City not ready for wards

The issue of bringing in a ward system to Red Deer was discussed earlier this week by a special panel at the iHotel in the City. Panelists included Duane Bratt, former Red Deer City Councillor Larry Pimm and political blogger Dave Cournoyer.

The three men offered advantages and disadvantages to ward systems and at-large systems. Voters this month will have the chance to answer a question on the ballot as to the suitability of a ward system for Red Deer.

The idea of establishing a ward system in Red Deer has been talked about for many years. There are plenty of opinions on the concept of a ward system, many pointing out that Red Deer is just too small.

Others feel it’s high time this was implemented in our City to bolster representation because a neighbourhood would have one councillor representing their particular regional concerns.

On the other hand, and as was pointed out Monday night, City councillors’ minds could grow a bit narrow as they might tend to focus squarely on their one particular district and lose their overall vision for the community as a whole.

However, there are also those who think just the opposite, saying it’s also been thought that those who favour ward systems suggest that wards ensure a greater balance of representation for all geographical areas of the City.

On council over the last few months, we’ve heard opinions vary as well. Some say that without a ward system, council is thought to be more accountable to the entire electorate. Citizens can vote for all council positions and can pose questions of any councillor regardless of their geographical location.

Some Red Deerians may also feel more comfortable approaching a certain councillor over another as well.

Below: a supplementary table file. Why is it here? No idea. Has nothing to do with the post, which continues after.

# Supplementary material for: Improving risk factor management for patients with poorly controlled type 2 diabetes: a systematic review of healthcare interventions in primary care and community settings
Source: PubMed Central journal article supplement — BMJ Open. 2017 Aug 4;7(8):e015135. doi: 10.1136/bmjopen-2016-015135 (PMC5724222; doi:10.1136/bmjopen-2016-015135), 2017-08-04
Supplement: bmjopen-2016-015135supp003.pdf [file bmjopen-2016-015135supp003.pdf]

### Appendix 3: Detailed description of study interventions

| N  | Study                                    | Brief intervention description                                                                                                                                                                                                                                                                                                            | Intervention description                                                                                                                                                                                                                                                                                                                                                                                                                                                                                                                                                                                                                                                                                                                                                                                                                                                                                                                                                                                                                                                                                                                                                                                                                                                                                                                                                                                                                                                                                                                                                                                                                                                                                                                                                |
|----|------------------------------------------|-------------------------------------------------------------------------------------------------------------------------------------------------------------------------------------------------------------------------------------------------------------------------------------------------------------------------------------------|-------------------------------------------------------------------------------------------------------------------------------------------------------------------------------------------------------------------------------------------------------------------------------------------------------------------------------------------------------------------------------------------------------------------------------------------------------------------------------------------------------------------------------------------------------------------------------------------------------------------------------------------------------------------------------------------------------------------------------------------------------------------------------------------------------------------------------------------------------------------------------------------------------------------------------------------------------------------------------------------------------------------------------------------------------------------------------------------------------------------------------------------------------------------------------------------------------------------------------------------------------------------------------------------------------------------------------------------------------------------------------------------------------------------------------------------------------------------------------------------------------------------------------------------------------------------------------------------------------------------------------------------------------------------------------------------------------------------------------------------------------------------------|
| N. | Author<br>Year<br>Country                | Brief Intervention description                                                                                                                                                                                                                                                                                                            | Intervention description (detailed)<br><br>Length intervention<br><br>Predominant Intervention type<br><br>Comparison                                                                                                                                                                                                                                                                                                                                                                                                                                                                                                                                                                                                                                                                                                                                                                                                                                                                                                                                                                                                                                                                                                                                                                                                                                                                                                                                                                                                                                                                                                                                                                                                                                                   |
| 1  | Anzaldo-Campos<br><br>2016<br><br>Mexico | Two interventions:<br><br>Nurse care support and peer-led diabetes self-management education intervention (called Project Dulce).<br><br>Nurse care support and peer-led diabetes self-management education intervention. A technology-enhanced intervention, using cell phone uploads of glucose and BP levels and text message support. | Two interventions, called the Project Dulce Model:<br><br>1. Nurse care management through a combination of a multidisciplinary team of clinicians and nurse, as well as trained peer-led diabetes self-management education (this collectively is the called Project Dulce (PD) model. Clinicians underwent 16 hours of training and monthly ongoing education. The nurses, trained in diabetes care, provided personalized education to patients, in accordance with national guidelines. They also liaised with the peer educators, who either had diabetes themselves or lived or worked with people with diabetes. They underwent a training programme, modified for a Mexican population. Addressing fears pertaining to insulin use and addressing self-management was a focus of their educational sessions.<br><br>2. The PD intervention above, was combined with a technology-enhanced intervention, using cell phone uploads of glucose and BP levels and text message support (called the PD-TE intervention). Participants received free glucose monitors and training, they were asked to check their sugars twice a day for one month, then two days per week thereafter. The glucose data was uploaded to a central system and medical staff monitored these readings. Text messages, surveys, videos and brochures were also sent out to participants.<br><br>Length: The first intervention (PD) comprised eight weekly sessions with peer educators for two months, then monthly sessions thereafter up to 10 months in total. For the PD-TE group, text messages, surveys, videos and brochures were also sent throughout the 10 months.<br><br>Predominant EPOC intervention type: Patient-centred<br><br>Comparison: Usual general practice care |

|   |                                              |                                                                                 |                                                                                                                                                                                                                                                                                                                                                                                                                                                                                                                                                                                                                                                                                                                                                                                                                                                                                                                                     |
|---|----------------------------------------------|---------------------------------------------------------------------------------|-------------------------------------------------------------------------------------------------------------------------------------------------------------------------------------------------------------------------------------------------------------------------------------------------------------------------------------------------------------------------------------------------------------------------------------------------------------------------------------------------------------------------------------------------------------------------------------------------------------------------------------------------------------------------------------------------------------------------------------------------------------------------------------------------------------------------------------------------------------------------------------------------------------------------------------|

Disadvantages include creating a council which may under-represent minorities or perhaps needs of different parts of the City. Examples include a ‘north versus south’ mentality or new developments versus established neighbourhoods etc.

It has also been suggested that an at-large system favours the election of candidates with greater financial resources.

But those who speak against it claim that a ward system cause councillors to be more concerned about their own ward where they must seek re-election especially during a municipal campaign. During an election, another drawback is that one might find two candidates from one ward competing against could both be better than a candidate in another ward.

At this point, it seems that a ward system is just not realistic for Red Deer essentially because of its size. Having an at-large system works well for the City at this time, so why alter it? The population of Red Deer is expected to nearly double over the next 20 years – certainly that would be a more appropriate time to visit the idea.

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